Pro Tip: W4 Married Filing Jointly

Now, here’s a pro tip: If you and your spouse each have one job, then be sure to check the box in option (c) as shown here.

This tip can really save you lots of time from having to figure out - how to fill out the form, and it results in a much better estimate..

How to Adjust Your Tax Withholding?

Okay, so the other way to adjust your withholding using the form is in Section 4. Option 'c' allows you to specify an additional amount of tax to be withheld from each paycheck.

So, if you end up owing $2,000 at tax time, you can take that amount and divide it by the remaining pay periods in the year. Let’s say there are 16 pay periods left in the year. So two thousand dollars divided by 16 is $125 dollars. Put that on line 4(c), and your employer will take out an additional $125 dollars for each upcoming pay period.

Problem solved, no more owing at tax time.

When and Why the IRS Adjusted the Payroll Tax Tables

So the question that often comes up is, when and why did things change?

You may recall in 2018, with the passage of the Tax Cuts and Jobs Act, the IRS adjusted the payroll tax tables.

Why did they do this?

Well, they doubled the standard deductions, eliminated personal exemptions, and doubled the child tax credit among other things.

The updated tables were adjusted to incorporate the changes, and better match how much tax comes out of your paycheck with what you might actually owe. They wanted everyone to see the effects of the new tax laws on their paychecks right away.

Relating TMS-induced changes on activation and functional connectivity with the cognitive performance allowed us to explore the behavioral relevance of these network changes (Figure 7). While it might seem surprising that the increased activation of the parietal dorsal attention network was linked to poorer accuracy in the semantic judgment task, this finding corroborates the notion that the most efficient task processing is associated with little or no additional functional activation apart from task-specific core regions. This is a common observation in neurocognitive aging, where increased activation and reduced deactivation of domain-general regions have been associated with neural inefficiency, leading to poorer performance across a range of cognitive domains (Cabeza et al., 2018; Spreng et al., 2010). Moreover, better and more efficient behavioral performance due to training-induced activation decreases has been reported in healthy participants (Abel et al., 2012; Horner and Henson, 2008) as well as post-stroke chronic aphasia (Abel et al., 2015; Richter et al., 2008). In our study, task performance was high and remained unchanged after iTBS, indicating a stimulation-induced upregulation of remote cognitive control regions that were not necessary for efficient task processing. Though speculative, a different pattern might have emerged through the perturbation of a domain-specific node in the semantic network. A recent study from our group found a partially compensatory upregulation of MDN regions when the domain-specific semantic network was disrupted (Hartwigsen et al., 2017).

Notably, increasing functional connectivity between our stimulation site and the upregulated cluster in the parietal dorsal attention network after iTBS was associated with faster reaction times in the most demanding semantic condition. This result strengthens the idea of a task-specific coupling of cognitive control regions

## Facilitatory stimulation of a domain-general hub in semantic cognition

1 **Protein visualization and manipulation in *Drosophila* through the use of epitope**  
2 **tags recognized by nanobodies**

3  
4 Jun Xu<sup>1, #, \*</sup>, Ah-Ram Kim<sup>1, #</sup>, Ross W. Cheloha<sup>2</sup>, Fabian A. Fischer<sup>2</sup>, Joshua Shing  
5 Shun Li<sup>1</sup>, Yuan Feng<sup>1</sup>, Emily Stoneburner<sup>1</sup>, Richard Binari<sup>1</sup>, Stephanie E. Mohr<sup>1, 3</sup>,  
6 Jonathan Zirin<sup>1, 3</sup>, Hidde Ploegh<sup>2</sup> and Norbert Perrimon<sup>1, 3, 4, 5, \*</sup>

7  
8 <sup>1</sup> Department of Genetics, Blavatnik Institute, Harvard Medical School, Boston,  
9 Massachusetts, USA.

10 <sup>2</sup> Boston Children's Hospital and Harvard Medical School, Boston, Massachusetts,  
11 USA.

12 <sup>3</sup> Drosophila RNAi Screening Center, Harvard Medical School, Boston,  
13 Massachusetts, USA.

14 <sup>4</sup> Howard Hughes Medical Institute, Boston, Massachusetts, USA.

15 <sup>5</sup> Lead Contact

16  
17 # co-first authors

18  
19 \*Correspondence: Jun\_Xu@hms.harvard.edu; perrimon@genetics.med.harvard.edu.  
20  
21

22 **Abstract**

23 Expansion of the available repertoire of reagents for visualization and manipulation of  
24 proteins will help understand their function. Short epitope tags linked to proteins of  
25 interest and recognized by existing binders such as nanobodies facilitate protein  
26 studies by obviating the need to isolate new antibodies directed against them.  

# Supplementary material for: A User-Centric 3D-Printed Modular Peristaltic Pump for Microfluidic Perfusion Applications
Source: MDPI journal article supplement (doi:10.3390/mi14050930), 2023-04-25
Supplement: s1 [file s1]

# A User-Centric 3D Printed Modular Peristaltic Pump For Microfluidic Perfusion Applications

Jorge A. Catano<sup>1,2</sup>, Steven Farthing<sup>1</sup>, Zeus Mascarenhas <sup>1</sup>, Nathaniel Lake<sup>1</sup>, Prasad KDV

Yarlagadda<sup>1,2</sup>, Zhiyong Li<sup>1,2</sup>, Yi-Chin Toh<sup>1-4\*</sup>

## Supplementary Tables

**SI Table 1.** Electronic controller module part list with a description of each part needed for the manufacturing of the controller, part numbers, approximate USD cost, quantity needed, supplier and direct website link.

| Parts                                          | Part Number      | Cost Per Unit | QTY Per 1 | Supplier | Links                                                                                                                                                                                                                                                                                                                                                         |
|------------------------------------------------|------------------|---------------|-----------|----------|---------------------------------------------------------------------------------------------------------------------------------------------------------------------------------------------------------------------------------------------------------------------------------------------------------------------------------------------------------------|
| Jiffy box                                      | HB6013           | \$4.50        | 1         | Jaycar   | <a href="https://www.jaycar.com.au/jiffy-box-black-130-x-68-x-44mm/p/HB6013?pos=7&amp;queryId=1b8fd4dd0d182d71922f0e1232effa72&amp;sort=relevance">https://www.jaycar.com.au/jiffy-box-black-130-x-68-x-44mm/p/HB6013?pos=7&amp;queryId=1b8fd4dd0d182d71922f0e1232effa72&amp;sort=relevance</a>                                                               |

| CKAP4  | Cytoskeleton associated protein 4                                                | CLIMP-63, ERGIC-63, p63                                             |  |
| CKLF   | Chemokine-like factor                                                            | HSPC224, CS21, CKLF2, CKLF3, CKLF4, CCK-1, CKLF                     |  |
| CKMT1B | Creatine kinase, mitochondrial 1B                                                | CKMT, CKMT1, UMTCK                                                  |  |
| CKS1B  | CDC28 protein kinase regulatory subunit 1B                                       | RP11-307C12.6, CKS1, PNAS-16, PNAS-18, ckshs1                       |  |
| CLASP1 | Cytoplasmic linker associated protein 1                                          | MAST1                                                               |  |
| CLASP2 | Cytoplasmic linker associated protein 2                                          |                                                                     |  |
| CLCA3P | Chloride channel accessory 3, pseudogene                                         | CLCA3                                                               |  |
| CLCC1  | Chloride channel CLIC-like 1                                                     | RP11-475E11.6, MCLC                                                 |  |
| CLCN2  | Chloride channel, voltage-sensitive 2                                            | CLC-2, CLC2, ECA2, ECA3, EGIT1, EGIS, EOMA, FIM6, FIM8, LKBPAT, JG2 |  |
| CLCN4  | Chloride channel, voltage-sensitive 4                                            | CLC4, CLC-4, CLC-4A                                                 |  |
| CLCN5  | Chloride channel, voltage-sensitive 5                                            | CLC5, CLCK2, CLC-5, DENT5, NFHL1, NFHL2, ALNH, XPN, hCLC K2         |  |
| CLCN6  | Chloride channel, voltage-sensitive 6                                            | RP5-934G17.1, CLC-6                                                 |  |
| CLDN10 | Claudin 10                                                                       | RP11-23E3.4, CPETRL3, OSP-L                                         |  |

Ultimately, these were good changes, but it reduced what was withheld from your paychecks and that’s still in effect today.

Now, this was in 2018, and for the next couple of years, people adjusted to the new payroll tax tables and adjusted their tax withholdings accordingly.

But that’s not all…

The New Form W-4 Vs. Old Form W-4

In 2020, the IRS completely overhauled the W-4 form. Again, this was because of the Tax Cuts and Jobs Act.

The new W-4 form removed allowances, which is what you probably remember. You would increase or decrease the number of allowances to adjust your withholding. Those days are long gone.

Now the IRS uses what they describe as a more straightforward approach that aligns more closely with an individual's tax return. Uh-huh. It includes sections for multiple jobs and spouse's work, dependents, and other income and deductions.

Believe it or not, it does make the withholding calculation more accurate. That is, if you’re willing to take the time to read and follow the instructions.

Do you like the new W4 or the old W4? As for me, call me old-fashioned, but I like the old version.

And that's about it as always, thanks for reading and see you in the next blog post!

About The Author

Noel Lorenzana is an Illinois-licensed, Registered Certified Public Accountant with over 20 plus years of experience.

Through his online educational content, YouTube videos, easy-to-understand courses and 1-on-1 consulting, he gives you the tools to become tax savvy for yourself. 

Disclaimer: Any accounting, business or tax advice contained in this article, is not intended as a thorough, in-depth analysis of specific issues, nor a substitute for a formal opinion, nor is it sufficient to avoid tax-related penalties.